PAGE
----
Travel: Following in the steps of the Apostle Paul
The Apostle Paul is often considered to be the most important person — after Jesus — in the history of Christianity.
Of the 27 books in the New Testament of the Bible, 13 are attributed to Paul, and approximately half of another — Acts of the Apostles — deals with Paul’s life and works.
By his own account, Paul was the best Jew and the best Pharisee of his generation and later claimed to be the best apostle of Christ, although he attributed his excellence to the grace of God.
His letters have had an enormous influence on Christianity and secure his place as one of the greatest religious leaders of all time.
Yes, quite a resume and guess what — we followed in his footsteps.
That would be a 43-person group from Bethel Lutheran Church in Rochester who, indeed, followed in Paul’s footsteps during an October trip overseas.
It was one of those “trips of a lifetime,” a trip led by Bethel Pastor Anjanette Bandel and her husband, Warren Bandel.
“The opportunity to travel to Greece had been one of my dreams as a pastor due to the fact that the Apostle Paul is credited as to writing letters that make up one-third of the New Testament biblical canon,” Anjanette Bandel said.
“Traveling to Greece brought to life his letters when we stood among the ruins in Ephesus, Philippi and Corinth.”
Oh my, yes.
The sites visited included Athens, Corinth, Mykonos, Ephesus, Patmos, Crete, Santorini, Delphi, Kalambaka and Thessaloniki. Oh yes, this adventure also featured a three-day cruise to the Greek Isles, which included a brief stop in Turkey.
We traveled with Nawas International, a travel agency specializing in religious tours. This one was based around Paul’s footsteps as recorded in the Book of Acts (chapters 16-21).
The logistics didn’t allow us to visit places in the same order as Paul, but that was no big deal. But to think that Paul once walked, taught and preached in the same cities we visited was, yes, a very big deal.
We flew from the Twin Cities to Amsterdam and finally to Athens. The first stop was Corinth, where it is believed that Paul visited in 51 or 52 A.D.
Corinth is also said to have been the most important city in the days of St. Paul.
Back then, the church he founded in Corinth was turning away from God and Paul subsequently wrote two of his New Testament letters, urging them to turn back.
We also visited the ruins of the ancient city where Paul worked with Aquila and Priscilla, and then saw the Royal Palace and the Temple of Zeus.
What a day — we went back to Athens and climbed Mars Hill and saw the Acropolis and equally famous Parthenon.
Mars Hill is where Paul addressed the Areopagus, the town council that gave its name to this spot. The view from Mars Hill is one of the best in Athens.
Obviously, things are much different now than they were 2,000 years ago, but back then the city was lined with a bunch of pagan shrines, and it took a lot of guts for Paul to tell the Athenians to, in effect, “back off.”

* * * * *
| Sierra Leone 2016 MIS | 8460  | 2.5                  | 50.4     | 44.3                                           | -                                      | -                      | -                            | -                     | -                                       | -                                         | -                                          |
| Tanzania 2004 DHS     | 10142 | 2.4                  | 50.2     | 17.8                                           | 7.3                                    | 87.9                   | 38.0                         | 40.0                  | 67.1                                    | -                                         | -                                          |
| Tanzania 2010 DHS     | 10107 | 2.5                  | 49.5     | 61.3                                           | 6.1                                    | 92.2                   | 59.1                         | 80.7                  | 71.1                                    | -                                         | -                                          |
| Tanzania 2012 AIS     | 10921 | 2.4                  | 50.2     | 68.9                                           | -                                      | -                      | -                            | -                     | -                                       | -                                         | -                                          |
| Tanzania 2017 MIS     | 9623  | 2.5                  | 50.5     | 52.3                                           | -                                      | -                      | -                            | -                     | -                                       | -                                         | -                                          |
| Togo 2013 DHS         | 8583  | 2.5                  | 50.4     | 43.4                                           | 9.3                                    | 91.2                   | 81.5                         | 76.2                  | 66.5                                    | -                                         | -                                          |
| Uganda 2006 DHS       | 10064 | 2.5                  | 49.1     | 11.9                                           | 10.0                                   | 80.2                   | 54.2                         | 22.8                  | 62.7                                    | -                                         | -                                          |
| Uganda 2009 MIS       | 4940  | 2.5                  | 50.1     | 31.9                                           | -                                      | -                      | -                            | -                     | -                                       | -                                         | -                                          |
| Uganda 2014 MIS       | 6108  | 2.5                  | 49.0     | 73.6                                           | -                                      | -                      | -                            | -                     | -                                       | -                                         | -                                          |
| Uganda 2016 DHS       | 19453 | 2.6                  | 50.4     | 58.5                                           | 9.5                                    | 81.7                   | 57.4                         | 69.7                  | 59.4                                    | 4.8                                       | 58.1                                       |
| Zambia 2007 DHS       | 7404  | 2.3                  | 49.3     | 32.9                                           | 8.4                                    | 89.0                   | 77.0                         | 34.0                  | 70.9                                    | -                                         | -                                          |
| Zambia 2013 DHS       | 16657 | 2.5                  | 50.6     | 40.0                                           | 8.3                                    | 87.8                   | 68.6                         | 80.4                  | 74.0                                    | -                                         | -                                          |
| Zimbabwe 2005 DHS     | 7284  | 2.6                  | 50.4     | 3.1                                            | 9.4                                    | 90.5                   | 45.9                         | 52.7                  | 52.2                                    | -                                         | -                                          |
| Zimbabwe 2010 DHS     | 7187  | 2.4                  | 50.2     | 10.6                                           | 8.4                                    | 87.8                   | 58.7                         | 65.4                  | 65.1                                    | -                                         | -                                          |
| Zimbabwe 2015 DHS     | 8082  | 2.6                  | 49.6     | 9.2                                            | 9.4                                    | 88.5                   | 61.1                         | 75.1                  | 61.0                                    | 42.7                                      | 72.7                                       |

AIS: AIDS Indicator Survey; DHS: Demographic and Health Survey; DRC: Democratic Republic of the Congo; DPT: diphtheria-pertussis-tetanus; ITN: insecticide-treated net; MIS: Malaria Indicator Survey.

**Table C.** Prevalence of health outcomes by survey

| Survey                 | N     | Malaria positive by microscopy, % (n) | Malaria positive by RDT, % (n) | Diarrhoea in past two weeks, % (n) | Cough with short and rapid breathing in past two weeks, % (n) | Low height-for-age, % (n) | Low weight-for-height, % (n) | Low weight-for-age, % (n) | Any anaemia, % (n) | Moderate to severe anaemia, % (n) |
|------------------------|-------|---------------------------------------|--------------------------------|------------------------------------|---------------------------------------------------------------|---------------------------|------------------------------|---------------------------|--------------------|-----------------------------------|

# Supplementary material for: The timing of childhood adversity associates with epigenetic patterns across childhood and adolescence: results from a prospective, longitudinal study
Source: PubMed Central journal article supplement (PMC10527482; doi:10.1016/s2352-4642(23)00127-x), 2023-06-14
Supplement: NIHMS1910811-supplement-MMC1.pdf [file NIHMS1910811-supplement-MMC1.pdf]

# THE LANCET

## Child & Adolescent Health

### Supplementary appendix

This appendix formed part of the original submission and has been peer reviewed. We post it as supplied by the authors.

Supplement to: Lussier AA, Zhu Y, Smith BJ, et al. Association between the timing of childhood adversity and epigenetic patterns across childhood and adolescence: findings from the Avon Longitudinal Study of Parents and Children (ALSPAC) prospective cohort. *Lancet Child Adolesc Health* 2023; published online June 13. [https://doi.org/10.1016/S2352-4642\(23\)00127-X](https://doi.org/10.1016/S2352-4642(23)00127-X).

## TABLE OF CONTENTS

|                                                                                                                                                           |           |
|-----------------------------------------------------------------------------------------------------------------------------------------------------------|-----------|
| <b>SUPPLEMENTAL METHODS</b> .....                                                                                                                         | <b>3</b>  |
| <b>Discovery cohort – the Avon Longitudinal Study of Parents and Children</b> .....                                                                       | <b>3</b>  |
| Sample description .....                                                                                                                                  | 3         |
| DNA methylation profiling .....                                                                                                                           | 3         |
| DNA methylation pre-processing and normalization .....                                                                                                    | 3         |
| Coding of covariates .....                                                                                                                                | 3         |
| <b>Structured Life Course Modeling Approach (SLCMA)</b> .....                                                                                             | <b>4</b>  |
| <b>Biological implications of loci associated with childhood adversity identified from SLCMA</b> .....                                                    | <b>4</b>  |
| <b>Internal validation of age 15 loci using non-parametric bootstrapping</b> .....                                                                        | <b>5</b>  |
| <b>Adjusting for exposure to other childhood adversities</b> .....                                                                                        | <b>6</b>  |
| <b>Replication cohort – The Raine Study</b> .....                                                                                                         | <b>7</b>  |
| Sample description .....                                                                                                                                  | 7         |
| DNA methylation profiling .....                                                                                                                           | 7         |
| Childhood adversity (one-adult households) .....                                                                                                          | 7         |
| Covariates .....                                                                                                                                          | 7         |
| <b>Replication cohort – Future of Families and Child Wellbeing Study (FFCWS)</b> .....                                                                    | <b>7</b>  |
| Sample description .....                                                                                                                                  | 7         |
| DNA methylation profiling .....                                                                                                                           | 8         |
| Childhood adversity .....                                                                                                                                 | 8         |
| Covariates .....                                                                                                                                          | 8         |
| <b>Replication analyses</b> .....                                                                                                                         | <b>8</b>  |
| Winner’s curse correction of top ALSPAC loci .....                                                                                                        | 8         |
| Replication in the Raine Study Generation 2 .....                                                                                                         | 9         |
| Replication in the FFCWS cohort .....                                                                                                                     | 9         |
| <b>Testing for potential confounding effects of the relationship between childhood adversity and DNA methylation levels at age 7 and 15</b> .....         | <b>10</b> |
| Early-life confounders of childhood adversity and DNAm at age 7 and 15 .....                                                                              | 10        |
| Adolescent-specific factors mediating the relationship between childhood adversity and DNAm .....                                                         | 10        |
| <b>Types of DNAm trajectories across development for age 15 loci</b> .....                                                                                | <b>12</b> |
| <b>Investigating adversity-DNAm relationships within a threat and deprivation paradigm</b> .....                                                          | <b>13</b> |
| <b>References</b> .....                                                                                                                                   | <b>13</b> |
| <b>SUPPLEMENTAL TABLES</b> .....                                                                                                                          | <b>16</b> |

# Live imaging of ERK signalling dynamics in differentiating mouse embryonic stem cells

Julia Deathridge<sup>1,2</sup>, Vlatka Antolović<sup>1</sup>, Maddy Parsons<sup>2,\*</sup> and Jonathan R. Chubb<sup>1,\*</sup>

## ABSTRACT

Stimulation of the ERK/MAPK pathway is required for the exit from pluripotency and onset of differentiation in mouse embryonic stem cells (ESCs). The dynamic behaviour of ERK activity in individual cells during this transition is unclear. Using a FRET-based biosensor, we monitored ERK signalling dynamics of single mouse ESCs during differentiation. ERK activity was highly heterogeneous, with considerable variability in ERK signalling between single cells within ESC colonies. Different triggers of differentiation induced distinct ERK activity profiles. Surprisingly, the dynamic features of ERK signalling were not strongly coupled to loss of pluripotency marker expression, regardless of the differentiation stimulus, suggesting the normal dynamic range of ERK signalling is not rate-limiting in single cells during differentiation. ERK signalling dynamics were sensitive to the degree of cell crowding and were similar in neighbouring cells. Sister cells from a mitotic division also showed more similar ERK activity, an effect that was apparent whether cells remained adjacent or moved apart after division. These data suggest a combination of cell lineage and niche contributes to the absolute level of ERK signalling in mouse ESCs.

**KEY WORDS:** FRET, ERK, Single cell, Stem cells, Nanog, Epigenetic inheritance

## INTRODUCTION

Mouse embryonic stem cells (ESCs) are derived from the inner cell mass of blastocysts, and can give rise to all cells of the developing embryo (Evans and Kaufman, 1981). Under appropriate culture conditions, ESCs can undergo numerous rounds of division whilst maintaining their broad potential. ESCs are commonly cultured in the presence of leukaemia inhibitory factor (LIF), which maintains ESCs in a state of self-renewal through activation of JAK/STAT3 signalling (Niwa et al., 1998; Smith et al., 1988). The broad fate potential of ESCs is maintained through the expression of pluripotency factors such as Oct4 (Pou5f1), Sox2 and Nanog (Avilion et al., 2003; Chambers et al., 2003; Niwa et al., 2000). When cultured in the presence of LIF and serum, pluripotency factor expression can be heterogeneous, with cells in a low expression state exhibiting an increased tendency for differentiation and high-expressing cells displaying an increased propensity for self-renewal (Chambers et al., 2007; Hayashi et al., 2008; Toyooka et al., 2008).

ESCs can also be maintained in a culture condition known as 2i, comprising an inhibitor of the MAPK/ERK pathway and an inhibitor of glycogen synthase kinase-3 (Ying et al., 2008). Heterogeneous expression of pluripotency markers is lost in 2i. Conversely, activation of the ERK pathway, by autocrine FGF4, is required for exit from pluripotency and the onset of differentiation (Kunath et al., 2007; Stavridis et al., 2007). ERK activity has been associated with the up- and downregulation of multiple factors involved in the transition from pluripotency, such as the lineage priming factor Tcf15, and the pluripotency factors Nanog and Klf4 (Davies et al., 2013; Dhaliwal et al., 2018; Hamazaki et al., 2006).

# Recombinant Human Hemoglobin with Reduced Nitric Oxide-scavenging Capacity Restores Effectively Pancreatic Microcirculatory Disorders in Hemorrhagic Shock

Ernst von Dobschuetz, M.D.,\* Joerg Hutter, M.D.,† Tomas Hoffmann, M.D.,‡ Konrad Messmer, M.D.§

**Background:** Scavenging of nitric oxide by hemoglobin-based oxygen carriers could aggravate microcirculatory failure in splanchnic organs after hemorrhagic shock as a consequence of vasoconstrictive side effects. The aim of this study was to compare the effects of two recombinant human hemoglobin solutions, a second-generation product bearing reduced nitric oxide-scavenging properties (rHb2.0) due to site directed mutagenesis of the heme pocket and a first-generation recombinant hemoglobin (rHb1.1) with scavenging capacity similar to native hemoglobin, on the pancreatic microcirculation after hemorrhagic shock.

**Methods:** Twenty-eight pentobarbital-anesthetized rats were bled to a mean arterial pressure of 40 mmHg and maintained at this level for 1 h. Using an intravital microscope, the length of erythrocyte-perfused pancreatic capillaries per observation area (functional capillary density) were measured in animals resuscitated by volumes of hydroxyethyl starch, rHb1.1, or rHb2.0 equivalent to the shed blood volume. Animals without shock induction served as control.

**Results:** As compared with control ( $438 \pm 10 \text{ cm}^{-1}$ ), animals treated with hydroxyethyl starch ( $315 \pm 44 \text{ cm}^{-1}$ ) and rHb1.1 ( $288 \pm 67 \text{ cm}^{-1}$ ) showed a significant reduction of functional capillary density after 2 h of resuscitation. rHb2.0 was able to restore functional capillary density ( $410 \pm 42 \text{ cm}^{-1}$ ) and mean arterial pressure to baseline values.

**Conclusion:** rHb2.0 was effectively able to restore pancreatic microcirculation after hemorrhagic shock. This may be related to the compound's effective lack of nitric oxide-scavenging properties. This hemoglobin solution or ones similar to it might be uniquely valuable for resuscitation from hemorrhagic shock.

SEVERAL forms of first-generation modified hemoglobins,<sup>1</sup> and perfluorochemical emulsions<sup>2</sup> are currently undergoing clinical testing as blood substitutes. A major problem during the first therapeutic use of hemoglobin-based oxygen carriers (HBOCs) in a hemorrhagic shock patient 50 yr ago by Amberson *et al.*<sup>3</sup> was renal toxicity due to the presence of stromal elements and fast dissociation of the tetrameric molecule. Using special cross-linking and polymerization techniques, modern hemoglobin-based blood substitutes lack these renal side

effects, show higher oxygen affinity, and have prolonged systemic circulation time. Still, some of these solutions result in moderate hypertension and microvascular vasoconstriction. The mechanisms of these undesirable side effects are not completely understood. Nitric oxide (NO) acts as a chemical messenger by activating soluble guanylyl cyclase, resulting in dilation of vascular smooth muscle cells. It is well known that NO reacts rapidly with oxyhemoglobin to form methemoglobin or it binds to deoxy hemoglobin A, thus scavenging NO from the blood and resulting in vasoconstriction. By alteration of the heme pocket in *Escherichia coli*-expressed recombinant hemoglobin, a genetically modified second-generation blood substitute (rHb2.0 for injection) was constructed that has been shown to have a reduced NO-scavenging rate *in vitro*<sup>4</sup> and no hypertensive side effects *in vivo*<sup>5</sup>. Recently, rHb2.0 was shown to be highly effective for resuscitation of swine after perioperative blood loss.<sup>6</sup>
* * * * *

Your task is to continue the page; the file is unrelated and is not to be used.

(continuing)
Yikes, the first day was filled from start to finish, and that was the general theme for the rest of the trip.
• In Piraeus, we boarded a cruise ship (Celestyal Cruises) for a three-day Aegean Sea cruise. The first stop was to Mykonos, which some call the St. Tropes of the Aegean. Mykonos had no connection to Paul, but picturesque? Yes indeed, especially a pair of iconic white windmills. Plenty of window shopping, boutiques and cafes.
• Turkey. We arrived at the Turkish resort of Kusadasi, and a shore excursion to the city of Ephesus. Saw the fabled Temple of Artemis, another Wonder of the Ancient World.
• Ephesus. Some of us will tell you that Ephesus was the top attraction of the tour, mainly because the ruins are in such great condition. This is where Paul preached once again about idol-worshiping, and started a near-riot in the Ephesus Theatre, one of the largest amphitheaters of its time.
• The Library of Celsius in Ephesus. Felt like we could all go in and check out a book.
• Sailed to the Island of Patmos, and a visit to the Monastery of St. John. It is here where the Apostle John received the inspiration to write the Book of Revelation. Just think.
• Heraklion, Crete, which, if you look at a map, is the southernmost part of the Greek Isles.
• Santorini. Ask anybody who has set foot in Santorini and they will tell you the same thing. Wow, breathtaking, with its rugged, volcanic cliffs and white houses. The view looking down to the bay from the town of is spectacular. More pictures were taken here than anywhere else.
• Piraeus, and the drive on the national highway through Thebes, Levadia and the picturesque village of Arachova. Greece is much more mountainous than I imagined. And scenic.
• A visit to Meteora and the “Hanging Monasteries.” This is another spot where plenty of photos were taken. The monasteries, still in use today, are perched on top of unusual rock formations, like they are suspended in mid-air. One word, unbelievable.
• Philippi. This is where Anthony defeated Brutus and most important, where Paul first preached the Gospel in Europe.
• Thessaloniki. We visited the prison where St. Paul and Silas were imprisoned in 50 A.D. Very small.
• Also in Thessaloniki. On the outskirts we saw the “river” or small creek where Lydia was baptized. Why is this important? Lydia was the first Christian woman convert in Europe.
“A highlight for me,” said Anjanette Bandel, “was time on the Greek Isle, Patmos. This is where the Gospel writer John, after receiving a vision from God, wrote the book of Revelation. The beauty of that setting and the church constructed on the site of his place of writing was truly holy ground.
“The book of Revelation is often given a misinterpretation of being ‘scary,’ but is actually filled with hope of a ‘new heaven and a new earth,’” she said.
“Looking at the gorgeous Aegean Sea and the cliffs that line the islands shore seemed to hold a glimpse of this future ‘heaven.’”